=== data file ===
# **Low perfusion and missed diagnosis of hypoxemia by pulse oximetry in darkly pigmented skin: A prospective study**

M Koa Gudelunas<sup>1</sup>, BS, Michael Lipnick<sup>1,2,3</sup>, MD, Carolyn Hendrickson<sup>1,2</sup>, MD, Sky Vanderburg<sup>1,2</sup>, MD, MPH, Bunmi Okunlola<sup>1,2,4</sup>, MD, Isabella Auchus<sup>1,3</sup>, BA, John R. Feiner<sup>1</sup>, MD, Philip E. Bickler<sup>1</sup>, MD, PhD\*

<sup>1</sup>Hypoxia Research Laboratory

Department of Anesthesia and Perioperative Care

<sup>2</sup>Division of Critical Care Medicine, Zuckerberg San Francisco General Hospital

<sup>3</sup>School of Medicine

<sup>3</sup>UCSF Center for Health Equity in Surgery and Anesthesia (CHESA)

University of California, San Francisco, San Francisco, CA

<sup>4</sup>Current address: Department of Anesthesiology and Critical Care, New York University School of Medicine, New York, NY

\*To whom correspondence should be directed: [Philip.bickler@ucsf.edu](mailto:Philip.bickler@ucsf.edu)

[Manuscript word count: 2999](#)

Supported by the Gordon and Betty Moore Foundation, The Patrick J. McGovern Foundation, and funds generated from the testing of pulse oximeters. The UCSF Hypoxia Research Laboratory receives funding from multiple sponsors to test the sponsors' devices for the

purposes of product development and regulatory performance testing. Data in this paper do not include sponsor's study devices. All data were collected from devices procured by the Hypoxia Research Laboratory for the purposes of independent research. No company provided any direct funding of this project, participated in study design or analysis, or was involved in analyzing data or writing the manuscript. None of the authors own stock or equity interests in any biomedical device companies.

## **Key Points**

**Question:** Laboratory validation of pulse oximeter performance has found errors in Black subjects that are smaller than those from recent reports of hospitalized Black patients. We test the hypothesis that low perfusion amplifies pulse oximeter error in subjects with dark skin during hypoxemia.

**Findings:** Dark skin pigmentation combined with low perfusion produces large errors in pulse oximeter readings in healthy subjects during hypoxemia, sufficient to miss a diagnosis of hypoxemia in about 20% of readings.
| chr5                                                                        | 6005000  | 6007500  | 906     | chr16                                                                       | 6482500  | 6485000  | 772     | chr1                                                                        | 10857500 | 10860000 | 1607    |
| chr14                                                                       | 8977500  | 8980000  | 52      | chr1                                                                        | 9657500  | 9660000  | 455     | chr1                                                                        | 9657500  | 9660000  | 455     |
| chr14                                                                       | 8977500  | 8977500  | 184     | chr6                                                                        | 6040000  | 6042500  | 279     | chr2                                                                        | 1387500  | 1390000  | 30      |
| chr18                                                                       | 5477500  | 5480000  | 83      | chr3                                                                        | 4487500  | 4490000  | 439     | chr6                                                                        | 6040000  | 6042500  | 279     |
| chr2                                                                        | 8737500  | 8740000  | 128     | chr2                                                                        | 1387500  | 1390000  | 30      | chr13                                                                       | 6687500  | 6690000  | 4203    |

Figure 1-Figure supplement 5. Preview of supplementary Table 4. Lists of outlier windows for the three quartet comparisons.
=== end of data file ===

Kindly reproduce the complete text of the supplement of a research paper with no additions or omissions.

# **Low perfusion and missed diagnosis of hypoxemia by pulse oximetry in darkly pigmented skin: A prospective study**

M Koa Gudelunas<sup>1</sup>, BS, Michael Lipnick<sup>1,2,3</sup>, MD, Carolyn Hendrickson<sup>1,2</sup>, MD, Sky Vanderburg<sup>1,2</sup>, MD, MPH, Bunmi Okunlola<sup>1,2,4</sup>, MD, Isabella Auchus<sup>1,3</sup>, BA, John R. Feiner<sup>1</sup>, MD, Philip E. Bickler<sup>1</sup>, MD, PhD\*

<sup>1</sup>Hypoxia Research Laboratory

Department of Anesthesia and Perioperative Care

<sup>2</sup>Division of Critical Care Medicine, Zuckerberg San Francisco General Hospital

<sup>3</sup>School of Medicine

<sup>3</sup>UCSF Center for Health Equity in Surgery and Anesthesia (CHESA)

University of California, San Francisco, San Francisco, CA

<sup>4</sup>Current address: Department of Anesthesiology and Critical Care, New York University School of Medicine, New York, NY

\*To whom correspondence should be directed: [Philip.bickler@ucsf.edu](mailto:Philip.bickler@ucsf.edu)

[Manuscript word count: 2999](#)

Supported by the Gordon and Betty Moore Foundation, The Patrick J. McGovern Foundation, and funds generated from the testing of pulse oximeters. The UCSF Hypoxia Research Laboratory receives funding from multiple sponsors to test the sponsors' devices for the

purposes of product development and regulatory performance testing. Data in this paper do not include sponsor's study devices. All data were collected from devices procured by the Hypoxia Research Laboratory for the purposes of independent research. No company provided any direct funding of this project, participated in study design or analysis, or was involved in analyzing data or writing the manuscript. None of the authors own stock or equity interests in any biomedical device companies.

## **Key Points**

**Question:** Laboratory validation of pulse oximeter performance has found errors in Black subjects that are smaller than those from recent reports of hospitalized Black patients. We test the hypothesis that low perfusion amplifies pulse oximeter error in subjects with dark skin during hypoxemia.

**Findings:** Dark skin pigmentation combined with low perfusion produces large errors in pulse oximeter readings in healthy subjects during hypoxemia, sufficient to miss a diagnosis of hypoxemia in about 20% of readings.
| chr5                                                                        | 6005000  | 6007500  | 906     | chr16                                                                       | 6482500  | 6485000  | 772     | chr1                                                                        | 10857500 | 10860000 | 1607    |
| chr14                                                                       | 8977500  | 8980000  | 52      | chr1                                                                        | 9657500  | 9660000  | 455     | chr1                                                                        | 9657500  | 9660000  | 455     |
| chr14                                                                       | 8977500  | 8977500  | 184     | chr6                                                                        | 6040000  | 6042500  | 279     | chr2                                                                        | 1387500  | 1390000  | 30      |
| chr18                                                                       | 5477500  | 5480000  | 83      | chr3                                                                        | 4487500  | 4490000  | 439     | chr6                                                                        | 6040000  | 6042500  | 279     |
| chr2                                                                        | 8737500  | 8740000  | 128     | chr2                                                                        | 1387500  | 1390000  | 30      | chr13                                                                       | 6687500  | 6690000  | 4203    |

Figure 1-Figure supplement 5. Preview of supplementary Table 4. Lists of outlier windows for the three quartet comparisons.